I’ve been thinking about 20th-century church growth logic.
I graduated from seminary in the 20th century. The church growth strategy that had been implanted in my imagination was similar to most other ministers from the 20th century: ‘When you’re leading a church, focus the congregation on the future of the church, the youth.’
Logically, the first agenda item for a new minister became the employment of a youth minister. And the logic seemed sound back then. After all, for most of human history young people have outnumbered older people. They were the largest market segment.
The Boston Matrix
In the 20th century the Boston Matrix was one of the business tools that some church leaders found helpful as they grew their churches. This matrix allows you to divide ‘your markets’ and your subsequent ‘product offerings’ into four distinct segments.
The two really important segments for churches were the ‘STARS’ where new growth, new products and the future lies and then there are the ‘CASH COWS’. This unfortunate use of a bovine image allows you to identify your ‘established markets’, ones that can be ‘milked’ in order to feed the more exciting outreach into the future, into those ‘STARS’.
I don’t know how widespread the use of the Boston Matrix became but I noticed that it clarified what many churches were doing instinctively. The church needed to focus on the youth and get the older folk (read: people in the second half of life) to give their all to ensure that young people came, stayed and brought in their parents. The future of the church was young people in families, or so we were told.
Two Americans, the editor of The Journal of Youth Ministry, Thomas Bergler and Professor of Youth and Family Ministry, Andrew Root, have helped 21st century churches to see the unhealthy trajectory of this strategy as it worked.…(to read more click here)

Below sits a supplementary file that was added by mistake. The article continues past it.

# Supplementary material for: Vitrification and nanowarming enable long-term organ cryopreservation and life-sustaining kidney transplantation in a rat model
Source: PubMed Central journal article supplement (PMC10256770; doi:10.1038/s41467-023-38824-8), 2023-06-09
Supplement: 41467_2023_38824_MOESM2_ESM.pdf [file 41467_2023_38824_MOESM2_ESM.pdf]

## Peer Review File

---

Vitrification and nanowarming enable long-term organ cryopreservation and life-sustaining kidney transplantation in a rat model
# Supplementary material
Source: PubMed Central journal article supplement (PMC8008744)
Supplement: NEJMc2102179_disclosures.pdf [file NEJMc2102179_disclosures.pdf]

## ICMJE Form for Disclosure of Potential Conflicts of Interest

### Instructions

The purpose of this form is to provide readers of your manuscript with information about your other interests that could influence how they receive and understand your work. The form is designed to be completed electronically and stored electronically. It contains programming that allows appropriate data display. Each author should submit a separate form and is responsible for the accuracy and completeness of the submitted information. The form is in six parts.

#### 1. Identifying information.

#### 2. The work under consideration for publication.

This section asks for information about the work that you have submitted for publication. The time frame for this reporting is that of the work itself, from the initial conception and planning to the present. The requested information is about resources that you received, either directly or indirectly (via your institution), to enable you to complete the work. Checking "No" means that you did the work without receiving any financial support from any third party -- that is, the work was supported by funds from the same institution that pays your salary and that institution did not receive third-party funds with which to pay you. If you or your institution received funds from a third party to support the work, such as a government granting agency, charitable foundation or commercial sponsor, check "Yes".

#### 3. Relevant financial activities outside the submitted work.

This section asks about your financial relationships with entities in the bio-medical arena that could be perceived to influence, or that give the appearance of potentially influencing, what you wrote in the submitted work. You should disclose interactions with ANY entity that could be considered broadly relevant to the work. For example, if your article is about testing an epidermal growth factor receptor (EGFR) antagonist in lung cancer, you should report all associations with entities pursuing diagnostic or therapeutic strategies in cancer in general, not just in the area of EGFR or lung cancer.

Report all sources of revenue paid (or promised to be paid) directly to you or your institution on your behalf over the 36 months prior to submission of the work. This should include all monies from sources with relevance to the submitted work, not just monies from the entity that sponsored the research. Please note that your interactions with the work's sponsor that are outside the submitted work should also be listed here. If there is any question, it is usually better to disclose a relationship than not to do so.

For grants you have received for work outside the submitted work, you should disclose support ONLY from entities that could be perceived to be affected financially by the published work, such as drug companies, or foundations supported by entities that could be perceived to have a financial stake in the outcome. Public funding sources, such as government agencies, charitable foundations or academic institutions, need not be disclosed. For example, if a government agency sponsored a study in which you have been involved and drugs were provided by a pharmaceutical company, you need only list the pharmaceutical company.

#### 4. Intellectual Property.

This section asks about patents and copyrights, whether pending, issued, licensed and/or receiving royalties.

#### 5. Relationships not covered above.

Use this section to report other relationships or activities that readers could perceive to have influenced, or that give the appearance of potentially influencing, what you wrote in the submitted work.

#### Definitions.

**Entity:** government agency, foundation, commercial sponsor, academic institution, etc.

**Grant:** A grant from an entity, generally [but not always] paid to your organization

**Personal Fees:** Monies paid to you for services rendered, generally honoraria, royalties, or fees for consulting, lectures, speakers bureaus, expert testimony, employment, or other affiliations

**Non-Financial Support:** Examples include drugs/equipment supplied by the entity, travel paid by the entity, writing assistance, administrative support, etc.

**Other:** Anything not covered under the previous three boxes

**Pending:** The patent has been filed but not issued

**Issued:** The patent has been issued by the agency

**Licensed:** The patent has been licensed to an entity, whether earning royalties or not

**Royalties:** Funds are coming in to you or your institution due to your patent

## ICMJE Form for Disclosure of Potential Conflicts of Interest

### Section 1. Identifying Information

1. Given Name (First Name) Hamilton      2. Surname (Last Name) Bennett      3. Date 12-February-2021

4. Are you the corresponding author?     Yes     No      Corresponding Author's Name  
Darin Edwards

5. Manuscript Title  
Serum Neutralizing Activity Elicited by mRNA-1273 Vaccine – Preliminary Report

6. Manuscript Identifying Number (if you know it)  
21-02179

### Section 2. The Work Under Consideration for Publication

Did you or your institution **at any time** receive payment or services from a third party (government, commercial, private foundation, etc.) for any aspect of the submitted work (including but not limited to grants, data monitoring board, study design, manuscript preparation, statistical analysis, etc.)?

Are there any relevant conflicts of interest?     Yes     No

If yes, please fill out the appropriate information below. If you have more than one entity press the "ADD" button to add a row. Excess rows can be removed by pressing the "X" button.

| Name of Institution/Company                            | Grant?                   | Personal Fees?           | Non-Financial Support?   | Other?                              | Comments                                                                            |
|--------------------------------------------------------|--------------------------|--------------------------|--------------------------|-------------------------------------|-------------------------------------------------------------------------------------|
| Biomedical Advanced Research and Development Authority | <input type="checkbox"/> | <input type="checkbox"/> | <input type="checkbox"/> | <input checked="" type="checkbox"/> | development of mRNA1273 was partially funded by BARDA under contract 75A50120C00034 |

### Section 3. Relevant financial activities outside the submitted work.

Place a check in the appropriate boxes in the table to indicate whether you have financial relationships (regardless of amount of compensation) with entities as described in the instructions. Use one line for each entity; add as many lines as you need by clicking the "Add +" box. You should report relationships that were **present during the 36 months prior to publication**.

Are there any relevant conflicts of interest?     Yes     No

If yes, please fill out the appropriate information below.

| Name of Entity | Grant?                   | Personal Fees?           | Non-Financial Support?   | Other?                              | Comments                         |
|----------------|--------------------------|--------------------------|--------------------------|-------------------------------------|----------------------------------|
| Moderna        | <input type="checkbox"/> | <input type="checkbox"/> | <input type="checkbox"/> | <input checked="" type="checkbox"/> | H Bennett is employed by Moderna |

Ian Buchanan is Director of Marketing and Communications for the Pilgrims’ Friend Society.
A survey asking for your experience of older people’s ministry in your church can be found at www.pilgrimsfriend.org.uk
We live in a shallow world of internet ‘friendships’.
In contrast to this, the London City Mission perseveres with the long-term commitment and depth of relationships that we find described in the Bible.
Jesus was ready to take the role of a servant, washing the feet of those he ministered to. Paul writes about his relationship as a ‘nursing mother… sharing not only the gospel of God but our own self’. The relationships we see between Jesus and the disciples or Paul and the Thessalonians are a challenge to all Christians. We are called to avoid seeing people as ‘ministry projects’ and instead we should form genuine, loving, friendships.
At the heart of London City Mission is the idea that the same person goes to the same people regularly, to become their friend for Jesus’s sake. Someone once asked a previous training director how we start conversations during our regular door-to-door visits. His response is informative:….(to read more click here)
Graham Miller is the chief executive of London City Mission.
The Life and Work of a 19th Century
By Stanley E. Porter
Bloomsbury. 200 pages. £16.99
ISBN 978 0 567 658 029